The August vacation plays a particularly seminal role in the roster of holidays. My feeling has always been September marks the beginning of the year
The last two weeks of August have that leisurely feel, activity dwindles to a languid pace, as if we want to delay the arrival of September and the end of summer, it makes these fourteen days particularly treasured and enjoyed.
The high-end property world, already sleepy since the end of July, goes into a positively catatonic state. Those few left in London download apps, for distraction, on their iphones to wile away the office hours.
And it seems that it’s no longer the reserve of this section of the property world, it appears all businesses go quiet during this period.
I read that the workaholic Simon Cowell packs his entourage onto a yacht and spends the month cruising the Mediterranean. The worlds of commerce, of entertainment and to a lesser degree industry seems to have agreed that there’s not a lot of point of doing much in August.
I’m very happy to join them and have headed to Tuscany for what I’ve come to call the spongers tours; flitting from villa to villa of friends and family who own or rent here.
There’s something inspiring about the way Italians live life – la dolce vita – the seamless mix of old and young, the enjoyment of good wine and good food, the siesta, the happy and relaxed approach to tutti, the work/life balance that we all struggle so hard with. I’m not sure if it’s sustainable for 52 weeks a year but they do an awfully good job of making it convincing for these two weeks.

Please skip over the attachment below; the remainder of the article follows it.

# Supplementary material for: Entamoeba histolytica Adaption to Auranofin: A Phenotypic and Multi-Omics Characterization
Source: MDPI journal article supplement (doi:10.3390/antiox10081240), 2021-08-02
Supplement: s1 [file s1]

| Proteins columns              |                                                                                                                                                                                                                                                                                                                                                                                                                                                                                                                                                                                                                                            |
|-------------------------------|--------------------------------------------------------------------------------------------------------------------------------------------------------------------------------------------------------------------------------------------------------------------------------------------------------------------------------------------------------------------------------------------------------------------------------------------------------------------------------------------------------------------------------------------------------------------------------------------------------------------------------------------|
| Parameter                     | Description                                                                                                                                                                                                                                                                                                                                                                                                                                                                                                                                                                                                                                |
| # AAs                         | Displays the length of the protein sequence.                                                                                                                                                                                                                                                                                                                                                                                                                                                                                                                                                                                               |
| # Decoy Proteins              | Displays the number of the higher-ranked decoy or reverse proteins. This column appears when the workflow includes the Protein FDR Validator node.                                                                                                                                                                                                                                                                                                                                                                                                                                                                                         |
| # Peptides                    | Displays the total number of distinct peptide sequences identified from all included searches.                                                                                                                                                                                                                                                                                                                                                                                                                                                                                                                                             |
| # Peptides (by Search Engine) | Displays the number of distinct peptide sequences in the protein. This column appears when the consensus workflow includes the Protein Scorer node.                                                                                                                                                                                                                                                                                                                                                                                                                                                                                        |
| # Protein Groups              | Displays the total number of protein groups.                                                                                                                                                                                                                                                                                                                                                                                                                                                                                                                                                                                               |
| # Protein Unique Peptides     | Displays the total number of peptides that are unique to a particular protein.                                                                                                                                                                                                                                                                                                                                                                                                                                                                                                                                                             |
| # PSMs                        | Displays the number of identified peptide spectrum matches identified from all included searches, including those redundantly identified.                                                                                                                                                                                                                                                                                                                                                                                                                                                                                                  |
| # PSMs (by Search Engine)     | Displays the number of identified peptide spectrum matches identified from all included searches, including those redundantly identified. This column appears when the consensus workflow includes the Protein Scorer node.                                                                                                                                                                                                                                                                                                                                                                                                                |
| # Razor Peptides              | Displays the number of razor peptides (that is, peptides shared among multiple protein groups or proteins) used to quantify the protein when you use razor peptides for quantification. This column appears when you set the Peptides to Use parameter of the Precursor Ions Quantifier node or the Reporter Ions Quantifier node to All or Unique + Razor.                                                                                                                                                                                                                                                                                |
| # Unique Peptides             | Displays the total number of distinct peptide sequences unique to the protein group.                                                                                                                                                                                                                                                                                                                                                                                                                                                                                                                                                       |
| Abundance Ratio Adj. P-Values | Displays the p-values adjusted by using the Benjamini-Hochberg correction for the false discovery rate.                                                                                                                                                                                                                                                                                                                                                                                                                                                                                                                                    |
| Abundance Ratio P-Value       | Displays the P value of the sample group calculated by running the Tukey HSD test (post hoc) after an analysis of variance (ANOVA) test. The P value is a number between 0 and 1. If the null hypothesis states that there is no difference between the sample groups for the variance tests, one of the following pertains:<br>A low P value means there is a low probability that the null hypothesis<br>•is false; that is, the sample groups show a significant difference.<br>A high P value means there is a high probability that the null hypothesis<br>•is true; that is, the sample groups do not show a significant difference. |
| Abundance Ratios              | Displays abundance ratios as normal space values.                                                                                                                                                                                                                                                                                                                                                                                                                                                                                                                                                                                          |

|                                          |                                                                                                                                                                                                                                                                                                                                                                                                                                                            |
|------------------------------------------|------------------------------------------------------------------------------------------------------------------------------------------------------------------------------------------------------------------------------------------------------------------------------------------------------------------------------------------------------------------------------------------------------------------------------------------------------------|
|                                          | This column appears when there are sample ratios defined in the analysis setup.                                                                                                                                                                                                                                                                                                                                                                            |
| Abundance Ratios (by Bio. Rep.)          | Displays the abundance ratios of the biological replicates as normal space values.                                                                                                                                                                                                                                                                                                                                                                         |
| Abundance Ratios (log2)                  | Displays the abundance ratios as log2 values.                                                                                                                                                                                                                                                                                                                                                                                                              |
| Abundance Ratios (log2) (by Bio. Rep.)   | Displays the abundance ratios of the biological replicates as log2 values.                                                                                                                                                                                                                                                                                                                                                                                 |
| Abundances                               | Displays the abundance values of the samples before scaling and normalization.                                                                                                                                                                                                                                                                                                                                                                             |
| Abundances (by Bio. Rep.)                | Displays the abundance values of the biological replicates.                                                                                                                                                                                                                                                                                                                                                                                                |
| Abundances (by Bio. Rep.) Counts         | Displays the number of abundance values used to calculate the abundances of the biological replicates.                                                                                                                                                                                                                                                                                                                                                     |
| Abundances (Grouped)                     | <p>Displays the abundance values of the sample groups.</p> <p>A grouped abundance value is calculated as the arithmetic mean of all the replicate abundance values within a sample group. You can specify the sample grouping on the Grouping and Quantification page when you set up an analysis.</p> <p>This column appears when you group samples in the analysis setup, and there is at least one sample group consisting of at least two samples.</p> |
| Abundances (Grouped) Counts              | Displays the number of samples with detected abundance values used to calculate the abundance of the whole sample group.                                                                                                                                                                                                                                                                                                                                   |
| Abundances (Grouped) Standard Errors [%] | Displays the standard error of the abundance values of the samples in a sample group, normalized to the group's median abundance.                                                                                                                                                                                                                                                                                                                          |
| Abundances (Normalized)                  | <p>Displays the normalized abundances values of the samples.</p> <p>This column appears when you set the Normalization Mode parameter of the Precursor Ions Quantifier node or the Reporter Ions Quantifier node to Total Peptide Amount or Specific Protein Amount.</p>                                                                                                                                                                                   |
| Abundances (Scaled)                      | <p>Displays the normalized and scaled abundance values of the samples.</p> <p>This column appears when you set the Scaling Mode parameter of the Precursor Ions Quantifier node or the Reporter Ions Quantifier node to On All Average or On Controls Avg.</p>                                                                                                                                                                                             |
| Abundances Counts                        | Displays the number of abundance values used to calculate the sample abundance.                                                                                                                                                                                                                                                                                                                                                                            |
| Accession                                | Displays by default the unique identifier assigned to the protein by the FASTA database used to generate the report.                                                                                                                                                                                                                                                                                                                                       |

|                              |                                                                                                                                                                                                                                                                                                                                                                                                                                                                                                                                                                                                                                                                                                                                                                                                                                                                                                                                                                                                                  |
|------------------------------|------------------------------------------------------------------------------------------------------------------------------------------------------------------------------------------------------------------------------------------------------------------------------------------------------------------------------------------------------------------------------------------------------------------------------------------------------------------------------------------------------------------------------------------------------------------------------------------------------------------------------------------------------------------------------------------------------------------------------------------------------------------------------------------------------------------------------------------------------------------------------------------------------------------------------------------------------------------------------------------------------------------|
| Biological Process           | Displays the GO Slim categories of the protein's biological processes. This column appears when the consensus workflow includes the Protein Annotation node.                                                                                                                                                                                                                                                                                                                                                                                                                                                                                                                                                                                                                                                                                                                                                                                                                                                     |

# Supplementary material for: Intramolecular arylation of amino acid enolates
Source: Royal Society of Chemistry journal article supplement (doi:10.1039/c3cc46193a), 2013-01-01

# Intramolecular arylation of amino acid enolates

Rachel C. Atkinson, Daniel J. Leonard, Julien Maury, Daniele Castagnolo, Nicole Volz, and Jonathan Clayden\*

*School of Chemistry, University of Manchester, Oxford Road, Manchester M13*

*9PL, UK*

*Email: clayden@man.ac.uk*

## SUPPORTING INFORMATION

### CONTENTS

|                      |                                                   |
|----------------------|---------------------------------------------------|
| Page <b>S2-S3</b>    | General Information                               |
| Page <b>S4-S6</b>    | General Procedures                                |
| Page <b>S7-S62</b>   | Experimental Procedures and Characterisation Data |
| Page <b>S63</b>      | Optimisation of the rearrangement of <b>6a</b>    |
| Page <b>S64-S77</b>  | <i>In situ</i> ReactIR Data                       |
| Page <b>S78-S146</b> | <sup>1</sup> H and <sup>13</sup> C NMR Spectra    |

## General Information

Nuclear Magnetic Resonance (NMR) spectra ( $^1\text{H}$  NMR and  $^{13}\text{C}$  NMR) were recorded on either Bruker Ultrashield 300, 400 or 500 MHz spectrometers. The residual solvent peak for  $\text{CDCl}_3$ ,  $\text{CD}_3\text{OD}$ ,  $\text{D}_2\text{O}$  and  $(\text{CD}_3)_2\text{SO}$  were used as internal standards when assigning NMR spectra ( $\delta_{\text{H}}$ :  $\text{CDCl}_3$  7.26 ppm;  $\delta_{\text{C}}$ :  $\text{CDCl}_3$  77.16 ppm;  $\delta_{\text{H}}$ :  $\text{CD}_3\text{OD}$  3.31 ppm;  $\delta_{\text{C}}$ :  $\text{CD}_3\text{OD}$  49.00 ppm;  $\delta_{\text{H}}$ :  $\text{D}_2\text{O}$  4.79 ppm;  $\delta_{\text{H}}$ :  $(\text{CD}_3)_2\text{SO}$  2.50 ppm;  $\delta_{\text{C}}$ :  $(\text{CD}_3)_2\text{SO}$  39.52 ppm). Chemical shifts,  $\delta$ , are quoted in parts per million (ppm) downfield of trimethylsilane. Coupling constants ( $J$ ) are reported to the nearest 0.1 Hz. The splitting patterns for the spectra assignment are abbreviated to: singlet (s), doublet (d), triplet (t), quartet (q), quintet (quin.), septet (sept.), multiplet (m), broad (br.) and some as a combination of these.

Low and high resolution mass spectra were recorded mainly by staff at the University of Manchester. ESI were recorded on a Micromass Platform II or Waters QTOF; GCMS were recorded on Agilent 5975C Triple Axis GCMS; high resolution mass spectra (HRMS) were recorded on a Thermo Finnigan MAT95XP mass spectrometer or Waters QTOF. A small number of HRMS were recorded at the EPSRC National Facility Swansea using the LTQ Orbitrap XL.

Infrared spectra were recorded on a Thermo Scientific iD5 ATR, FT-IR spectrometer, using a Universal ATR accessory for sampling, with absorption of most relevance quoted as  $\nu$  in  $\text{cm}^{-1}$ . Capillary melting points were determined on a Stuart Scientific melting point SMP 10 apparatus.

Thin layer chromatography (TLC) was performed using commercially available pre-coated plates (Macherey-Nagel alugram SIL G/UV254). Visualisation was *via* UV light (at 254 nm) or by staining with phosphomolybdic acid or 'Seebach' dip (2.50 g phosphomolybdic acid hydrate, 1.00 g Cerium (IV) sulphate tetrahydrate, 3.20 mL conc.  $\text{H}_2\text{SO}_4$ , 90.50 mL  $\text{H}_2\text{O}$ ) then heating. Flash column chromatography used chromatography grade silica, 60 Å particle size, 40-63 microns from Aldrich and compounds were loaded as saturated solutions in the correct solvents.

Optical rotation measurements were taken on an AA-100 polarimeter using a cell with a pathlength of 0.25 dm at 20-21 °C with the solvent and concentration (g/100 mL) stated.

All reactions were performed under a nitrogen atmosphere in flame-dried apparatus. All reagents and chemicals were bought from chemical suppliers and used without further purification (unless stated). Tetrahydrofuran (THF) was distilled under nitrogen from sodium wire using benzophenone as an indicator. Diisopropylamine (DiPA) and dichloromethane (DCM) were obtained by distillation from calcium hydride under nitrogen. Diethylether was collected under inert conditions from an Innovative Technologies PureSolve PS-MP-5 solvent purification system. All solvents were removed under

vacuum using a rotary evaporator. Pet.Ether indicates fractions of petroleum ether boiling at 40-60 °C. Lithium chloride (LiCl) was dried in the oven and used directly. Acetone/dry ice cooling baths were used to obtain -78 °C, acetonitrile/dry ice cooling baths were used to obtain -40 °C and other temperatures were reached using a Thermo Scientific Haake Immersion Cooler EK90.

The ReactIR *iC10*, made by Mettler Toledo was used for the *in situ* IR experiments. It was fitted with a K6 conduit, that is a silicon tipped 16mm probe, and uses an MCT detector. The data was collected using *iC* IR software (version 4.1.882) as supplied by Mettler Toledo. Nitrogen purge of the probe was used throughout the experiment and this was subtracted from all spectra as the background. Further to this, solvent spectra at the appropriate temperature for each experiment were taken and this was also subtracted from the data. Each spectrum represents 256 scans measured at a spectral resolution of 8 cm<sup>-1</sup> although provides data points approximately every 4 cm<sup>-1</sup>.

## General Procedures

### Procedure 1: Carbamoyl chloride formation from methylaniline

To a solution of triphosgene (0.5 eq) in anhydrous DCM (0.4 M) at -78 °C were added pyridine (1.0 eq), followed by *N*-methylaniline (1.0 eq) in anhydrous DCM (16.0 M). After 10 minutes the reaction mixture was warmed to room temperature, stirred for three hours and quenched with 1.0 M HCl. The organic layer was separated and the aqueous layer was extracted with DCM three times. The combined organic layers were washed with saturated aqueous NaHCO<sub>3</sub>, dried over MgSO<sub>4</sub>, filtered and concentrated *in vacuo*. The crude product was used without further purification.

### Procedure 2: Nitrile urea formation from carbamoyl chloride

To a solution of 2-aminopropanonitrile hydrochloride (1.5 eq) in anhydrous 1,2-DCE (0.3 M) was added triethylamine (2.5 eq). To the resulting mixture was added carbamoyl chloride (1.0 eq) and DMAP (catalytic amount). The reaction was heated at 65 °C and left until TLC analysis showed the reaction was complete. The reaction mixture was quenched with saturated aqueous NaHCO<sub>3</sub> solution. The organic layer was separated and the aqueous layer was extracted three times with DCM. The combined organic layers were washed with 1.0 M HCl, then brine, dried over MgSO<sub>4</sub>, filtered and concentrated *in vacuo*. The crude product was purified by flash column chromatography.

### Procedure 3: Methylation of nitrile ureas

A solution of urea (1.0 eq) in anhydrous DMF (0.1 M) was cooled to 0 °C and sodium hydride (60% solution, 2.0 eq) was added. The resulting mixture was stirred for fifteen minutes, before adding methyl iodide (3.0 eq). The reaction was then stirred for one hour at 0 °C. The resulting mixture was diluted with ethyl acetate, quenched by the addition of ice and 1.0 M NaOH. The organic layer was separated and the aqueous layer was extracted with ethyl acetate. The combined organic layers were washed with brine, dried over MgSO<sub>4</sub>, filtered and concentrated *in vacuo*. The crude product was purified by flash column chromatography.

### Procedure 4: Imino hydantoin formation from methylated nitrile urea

The art of holidaying well is an important one — when executed judiciously they give us a chance to switch off, gain a bit of perspective, regroup and recharge: to divert and entertain, to replenish and reinvigorate.
The August vacation plays a particularly seminal role in the roster of holidays. My feeling has always been September marks the beginning of the year. It may be a remembrance of school and university, the academic year kicking off in that month. The resolve and resolutions feel more apt now than they do in the dark nights of early of January. It all seems possible.
And so as I recline with book in hand, the laps of the infinity pool gently recycling, perched high in the Tuscan hills and overlooking what could be a Quattrocento painting as the peaks and valleys give way to the hilltop town of Cortona in the distance, I let my mind switch off and forget about business.
I’m lucky to work with those I trust, which is a great luxury. I drift in and out of sleep at siesta time shaded from the sun but feeling its warmth on my skin. Let the dolce vita reign for these two weeks, I tell myself, transported somewhere rather magical in my imagination that has nothing to do with work.